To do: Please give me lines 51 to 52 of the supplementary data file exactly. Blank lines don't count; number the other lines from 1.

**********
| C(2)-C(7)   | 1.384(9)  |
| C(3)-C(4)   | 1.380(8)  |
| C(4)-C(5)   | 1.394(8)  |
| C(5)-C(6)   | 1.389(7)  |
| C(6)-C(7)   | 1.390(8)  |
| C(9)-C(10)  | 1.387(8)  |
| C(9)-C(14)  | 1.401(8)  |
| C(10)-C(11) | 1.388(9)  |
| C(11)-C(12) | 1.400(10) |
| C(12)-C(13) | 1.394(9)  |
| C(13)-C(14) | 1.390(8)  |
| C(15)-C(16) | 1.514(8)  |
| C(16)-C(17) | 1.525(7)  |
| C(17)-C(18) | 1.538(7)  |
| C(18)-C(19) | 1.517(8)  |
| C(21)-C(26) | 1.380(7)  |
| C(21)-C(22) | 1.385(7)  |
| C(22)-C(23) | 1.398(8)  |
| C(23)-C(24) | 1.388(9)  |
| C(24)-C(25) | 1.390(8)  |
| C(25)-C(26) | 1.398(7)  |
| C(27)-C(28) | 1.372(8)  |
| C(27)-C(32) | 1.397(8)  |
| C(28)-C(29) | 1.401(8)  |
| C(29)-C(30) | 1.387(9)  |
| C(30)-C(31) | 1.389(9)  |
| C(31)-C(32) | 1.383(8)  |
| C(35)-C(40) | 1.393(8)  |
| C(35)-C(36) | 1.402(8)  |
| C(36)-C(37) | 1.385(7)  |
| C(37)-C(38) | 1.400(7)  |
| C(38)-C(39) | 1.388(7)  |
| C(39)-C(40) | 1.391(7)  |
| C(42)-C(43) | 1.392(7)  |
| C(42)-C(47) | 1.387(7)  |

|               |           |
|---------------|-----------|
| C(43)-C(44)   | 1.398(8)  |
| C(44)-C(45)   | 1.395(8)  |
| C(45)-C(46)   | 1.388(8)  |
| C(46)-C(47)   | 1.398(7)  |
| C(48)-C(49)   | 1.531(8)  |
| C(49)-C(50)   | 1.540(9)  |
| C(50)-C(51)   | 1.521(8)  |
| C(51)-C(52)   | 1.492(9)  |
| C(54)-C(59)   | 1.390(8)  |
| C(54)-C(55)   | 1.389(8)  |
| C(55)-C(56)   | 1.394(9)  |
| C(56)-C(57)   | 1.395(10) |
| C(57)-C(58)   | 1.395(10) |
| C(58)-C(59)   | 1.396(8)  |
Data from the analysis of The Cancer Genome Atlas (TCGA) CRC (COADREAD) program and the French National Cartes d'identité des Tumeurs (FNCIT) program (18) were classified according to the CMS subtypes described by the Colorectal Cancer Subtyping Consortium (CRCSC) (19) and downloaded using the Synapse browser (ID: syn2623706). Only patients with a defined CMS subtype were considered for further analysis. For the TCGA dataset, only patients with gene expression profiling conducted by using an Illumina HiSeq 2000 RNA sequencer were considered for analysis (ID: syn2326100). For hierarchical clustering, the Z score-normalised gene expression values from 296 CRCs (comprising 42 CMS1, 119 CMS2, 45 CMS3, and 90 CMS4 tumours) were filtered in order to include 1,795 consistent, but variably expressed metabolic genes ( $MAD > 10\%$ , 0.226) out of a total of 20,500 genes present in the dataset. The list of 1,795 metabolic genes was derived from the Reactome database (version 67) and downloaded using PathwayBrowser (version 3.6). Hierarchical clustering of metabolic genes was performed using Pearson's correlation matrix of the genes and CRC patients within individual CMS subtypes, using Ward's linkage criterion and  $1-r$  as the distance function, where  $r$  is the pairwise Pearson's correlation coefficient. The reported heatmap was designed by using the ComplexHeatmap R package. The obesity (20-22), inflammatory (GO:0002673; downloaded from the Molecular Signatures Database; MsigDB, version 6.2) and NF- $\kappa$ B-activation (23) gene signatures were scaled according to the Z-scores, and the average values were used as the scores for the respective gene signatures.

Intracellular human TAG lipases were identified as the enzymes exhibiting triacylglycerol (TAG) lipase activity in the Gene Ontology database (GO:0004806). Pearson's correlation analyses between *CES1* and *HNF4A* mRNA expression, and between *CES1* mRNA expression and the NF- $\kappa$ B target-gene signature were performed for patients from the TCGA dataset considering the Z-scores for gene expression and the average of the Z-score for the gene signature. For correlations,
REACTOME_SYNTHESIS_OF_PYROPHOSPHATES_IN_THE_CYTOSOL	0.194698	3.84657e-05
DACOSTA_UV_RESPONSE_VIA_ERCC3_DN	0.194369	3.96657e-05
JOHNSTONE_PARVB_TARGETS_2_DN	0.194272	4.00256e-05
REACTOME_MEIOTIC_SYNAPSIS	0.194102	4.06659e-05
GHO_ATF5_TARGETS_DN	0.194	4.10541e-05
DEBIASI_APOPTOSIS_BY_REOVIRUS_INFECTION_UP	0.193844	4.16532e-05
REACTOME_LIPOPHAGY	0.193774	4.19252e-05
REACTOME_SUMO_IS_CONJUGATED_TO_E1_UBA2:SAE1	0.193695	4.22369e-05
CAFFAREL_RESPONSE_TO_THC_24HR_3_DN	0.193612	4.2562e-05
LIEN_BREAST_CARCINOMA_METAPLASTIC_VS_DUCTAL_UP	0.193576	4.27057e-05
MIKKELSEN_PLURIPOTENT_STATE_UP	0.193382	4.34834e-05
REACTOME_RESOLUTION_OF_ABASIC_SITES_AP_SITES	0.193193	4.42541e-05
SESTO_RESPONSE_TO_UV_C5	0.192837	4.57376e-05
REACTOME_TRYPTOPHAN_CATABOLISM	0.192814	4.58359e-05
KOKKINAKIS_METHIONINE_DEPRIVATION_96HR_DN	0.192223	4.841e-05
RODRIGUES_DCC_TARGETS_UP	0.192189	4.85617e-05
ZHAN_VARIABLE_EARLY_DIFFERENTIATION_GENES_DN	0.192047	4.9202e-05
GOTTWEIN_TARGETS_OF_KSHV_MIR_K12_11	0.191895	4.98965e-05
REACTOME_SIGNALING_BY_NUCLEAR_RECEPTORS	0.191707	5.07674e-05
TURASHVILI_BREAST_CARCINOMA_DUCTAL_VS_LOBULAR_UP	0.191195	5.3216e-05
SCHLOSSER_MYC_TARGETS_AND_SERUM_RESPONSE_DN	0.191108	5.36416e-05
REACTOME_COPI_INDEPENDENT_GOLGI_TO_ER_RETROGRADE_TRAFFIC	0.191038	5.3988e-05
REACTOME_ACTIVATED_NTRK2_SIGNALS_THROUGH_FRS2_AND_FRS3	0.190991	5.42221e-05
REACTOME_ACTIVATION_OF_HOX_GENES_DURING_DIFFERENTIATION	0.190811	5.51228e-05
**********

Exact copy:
| C(58)-C(59)   | 1.396(8)  |
Data from the analysis of The Cancer Genome Atlas (TCGA) CRC (COADREAD) program and the French National Cartes d'identité des Tumeurs (FNCIT) program (18) were classified according to the CMS subtypes described by the Colorectal Cancer Subtyping Consortium (CRCSC) (19) and downloaded using the Synapse browser (ID: syn2623706). Only patients with a defined CMS subtype were considered for further analysis. For the TCGA dataset, only patients with gene expression profiling conducted by using an Illumina HiSeq 2000 RNA sequencer were considered for analysis (ID: syn2326100). For hierarchical clustering, the Z score-normalised gene expression values from 296 CRCs (comprising 42 CMS1, 119 CMS2, 45 CMS3, and 90 CMS4 tumours) were filtered in order to include 1,795 consistent, but variably expressed metabolic genes ( $MAD > 10\%$ , 0.226) out of a total of 20,500 genes present in the dataset. The list of 1,795 metabolic genes was derived from the Reactome database (version 67) and downloaded using PathwayBrowser (version 3.6). Hierarchical clustering of metabolic genes was performed using Pearson's correlation matrix of the genes and CRC patients within individual CMS subtypes, using Ward's linkage criterion and  $1-r$  as the distance function, where  $r$  is the pairwise Pearson's correlation coefficient. The reported heatmap was designed by using the ComplexHeatmap R package. The obesity (20-22), inflammatory (GO:0002673; downloaded from the Molecular Signatures Database; MsigDB, version 6.2) and NF- $\kappa$ B-activation (23) gene signatures were scaled according to the Z-scores, and the average values were used as the scores for the respective gene signatures.